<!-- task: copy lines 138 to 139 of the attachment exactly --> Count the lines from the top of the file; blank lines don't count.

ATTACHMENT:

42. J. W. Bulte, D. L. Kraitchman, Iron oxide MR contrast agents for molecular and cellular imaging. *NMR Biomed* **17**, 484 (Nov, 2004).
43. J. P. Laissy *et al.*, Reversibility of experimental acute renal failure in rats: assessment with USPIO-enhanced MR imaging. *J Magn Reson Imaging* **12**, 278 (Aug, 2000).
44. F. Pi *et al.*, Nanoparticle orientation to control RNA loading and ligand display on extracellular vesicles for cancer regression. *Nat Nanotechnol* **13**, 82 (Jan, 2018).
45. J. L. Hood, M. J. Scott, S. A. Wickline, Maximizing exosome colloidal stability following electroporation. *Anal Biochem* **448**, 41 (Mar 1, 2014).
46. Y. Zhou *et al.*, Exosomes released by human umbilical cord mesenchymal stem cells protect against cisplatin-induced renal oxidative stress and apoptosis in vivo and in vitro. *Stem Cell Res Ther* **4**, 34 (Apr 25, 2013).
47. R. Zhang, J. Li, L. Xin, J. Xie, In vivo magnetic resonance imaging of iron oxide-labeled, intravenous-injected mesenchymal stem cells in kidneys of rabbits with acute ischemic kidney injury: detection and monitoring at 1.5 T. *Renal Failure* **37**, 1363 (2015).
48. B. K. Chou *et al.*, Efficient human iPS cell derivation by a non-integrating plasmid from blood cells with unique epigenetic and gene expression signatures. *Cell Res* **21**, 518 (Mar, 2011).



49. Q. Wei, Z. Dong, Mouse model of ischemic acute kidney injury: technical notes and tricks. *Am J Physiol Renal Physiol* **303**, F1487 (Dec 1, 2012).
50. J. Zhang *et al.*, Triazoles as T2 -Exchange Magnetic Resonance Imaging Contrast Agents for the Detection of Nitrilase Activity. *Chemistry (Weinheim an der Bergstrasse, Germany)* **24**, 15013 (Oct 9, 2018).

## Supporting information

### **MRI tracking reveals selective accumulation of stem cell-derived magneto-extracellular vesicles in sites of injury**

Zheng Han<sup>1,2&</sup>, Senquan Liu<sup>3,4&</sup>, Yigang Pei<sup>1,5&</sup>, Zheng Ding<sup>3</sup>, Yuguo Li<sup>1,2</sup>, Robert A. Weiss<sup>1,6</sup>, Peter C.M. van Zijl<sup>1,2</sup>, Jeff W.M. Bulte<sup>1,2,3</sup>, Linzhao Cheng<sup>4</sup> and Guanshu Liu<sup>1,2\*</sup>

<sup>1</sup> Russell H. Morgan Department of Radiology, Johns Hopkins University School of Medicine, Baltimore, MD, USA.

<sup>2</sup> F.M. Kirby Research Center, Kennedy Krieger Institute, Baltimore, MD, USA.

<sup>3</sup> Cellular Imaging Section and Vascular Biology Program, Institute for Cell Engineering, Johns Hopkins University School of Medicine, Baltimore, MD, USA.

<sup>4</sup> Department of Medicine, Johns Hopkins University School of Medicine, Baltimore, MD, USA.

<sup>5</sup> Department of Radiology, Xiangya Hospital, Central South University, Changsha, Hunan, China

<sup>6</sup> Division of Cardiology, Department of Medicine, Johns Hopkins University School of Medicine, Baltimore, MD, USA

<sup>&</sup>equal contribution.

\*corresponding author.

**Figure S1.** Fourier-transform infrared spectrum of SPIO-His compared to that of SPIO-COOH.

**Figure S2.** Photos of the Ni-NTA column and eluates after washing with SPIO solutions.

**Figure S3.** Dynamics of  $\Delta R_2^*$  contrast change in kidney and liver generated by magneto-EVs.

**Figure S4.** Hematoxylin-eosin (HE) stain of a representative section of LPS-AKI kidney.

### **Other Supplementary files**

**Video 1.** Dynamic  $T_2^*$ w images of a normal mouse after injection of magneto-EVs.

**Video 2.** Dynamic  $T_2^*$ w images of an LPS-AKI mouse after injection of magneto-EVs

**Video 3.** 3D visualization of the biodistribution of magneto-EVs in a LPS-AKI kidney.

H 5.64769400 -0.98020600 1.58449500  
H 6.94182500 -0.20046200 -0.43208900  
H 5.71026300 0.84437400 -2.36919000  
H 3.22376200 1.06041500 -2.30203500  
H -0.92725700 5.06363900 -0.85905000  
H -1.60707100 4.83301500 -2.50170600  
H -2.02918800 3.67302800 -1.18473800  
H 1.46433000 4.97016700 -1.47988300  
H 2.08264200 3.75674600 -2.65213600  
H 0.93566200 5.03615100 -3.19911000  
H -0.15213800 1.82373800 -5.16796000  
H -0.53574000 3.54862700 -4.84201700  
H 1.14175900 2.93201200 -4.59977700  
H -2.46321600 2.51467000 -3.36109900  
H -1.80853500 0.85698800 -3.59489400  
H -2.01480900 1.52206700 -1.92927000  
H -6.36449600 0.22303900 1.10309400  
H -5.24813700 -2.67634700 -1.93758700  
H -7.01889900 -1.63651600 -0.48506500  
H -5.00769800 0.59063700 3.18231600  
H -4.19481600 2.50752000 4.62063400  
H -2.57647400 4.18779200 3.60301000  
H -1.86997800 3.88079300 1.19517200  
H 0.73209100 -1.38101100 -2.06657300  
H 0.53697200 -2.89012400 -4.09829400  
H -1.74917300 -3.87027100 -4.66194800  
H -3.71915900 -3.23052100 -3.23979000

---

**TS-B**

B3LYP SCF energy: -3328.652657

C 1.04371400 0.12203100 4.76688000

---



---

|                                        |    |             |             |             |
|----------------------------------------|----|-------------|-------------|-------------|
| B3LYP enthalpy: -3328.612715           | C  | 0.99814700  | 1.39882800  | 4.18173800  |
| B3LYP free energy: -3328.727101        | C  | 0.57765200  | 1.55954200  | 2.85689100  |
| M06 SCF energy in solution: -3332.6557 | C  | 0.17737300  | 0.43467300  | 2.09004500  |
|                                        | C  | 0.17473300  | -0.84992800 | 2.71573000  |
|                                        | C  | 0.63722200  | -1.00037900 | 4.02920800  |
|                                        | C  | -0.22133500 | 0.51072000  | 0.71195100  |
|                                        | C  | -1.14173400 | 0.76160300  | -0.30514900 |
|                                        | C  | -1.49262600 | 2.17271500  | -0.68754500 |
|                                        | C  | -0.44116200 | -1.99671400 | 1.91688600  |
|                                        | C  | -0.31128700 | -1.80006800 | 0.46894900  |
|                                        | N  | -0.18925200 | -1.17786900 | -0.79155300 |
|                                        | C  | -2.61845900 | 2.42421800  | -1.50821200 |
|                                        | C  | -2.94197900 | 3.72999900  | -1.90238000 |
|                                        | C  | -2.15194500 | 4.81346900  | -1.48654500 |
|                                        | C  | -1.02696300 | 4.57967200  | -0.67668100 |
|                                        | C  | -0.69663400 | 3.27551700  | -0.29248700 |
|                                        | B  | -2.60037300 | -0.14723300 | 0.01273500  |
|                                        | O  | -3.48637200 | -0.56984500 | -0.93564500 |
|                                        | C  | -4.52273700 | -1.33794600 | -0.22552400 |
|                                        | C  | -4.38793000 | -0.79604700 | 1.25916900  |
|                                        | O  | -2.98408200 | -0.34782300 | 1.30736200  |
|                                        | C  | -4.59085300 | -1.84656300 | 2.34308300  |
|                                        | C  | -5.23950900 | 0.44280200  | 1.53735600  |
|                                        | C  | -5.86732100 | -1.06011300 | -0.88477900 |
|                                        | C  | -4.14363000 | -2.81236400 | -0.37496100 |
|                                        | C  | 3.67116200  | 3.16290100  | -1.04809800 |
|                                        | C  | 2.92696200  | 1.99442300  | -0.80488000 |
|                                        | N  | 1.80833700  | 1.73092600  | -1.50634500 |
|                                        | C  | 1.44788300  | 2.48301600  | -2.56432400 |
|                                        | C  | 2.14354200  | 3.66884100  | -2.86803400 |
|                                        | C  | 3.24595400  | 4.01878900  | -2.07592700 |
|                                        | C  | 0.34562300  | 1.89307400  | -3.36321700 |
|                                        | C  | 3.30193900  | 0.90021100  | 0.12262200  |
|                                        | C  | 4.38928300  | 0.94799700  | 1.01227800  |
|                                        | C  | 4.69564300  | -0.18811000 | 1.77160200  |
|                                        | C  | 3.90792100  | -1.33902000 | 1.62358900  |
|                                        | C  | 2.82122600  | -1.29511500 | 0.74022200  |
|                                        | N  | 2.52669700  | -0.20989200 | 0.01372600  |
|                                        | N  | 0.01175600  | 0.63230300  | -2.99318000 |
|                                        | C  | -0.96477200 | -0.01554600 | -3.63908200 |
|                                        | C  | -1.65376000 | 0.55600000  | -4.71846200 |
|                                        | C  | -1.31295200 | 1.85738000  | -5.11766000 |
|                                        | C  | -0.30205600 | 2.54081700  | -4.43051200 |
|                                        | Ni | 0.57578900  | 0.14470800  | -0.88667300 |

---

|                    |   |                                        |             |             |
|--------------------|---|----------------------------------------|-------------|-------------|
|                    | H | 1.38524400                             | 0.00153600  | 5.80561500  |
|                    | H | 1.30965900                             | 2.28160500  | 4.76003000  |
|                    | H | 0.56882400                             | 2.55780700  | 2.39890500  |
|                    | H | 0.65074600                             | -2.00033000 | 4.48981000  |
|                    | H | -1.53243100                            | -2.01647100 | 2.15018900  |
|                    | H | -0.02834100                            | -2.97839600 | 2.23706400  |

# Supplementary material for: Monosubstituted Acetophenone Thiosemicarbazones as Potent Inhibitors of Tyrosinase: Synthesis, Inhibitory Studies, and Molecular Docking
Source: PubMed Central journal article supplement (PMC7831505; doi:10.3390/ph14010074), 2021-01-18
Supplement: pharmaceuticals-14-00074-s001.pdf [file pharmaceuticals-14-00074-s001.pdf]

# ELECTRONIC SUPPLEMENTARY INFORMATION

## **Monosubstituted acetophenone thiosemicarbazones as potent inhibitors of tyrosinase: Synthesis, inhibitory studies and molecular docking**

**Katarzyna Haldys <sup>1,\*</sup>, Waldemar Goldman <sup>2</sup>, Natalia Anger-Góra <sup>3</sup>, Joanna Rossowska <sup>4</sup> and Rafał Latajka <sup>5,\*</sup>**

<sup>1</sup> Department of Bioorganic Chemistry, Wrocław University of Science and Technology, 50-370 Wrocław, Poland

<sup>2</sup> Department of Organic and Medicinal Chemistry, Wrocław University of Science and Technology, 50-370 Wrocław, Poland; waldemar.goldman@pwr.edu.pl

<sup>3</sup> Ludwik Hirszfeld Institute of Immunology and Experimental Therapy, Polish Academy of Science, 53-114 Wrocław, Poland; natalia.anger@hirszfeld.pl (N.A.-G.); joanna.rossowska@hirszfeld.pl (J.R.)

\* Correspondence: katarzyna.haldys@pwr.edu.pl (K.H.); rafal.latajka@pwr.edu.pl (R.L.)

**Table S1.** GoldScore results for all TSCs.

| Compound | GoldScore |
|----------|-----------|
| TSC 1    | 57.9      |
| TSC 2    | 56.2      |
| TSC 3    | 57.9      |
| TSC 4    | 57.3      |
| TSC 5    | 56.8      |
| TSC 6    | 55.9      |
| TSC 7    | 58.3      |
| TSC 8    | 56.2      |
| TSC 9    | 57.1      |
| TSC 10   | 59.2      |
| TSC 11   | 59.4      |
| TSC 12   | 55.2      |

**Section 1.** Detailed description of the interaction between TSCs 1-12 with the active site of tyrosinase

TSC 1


| TSC 9    | 57.1      |
| TSC 10   | 59.2      |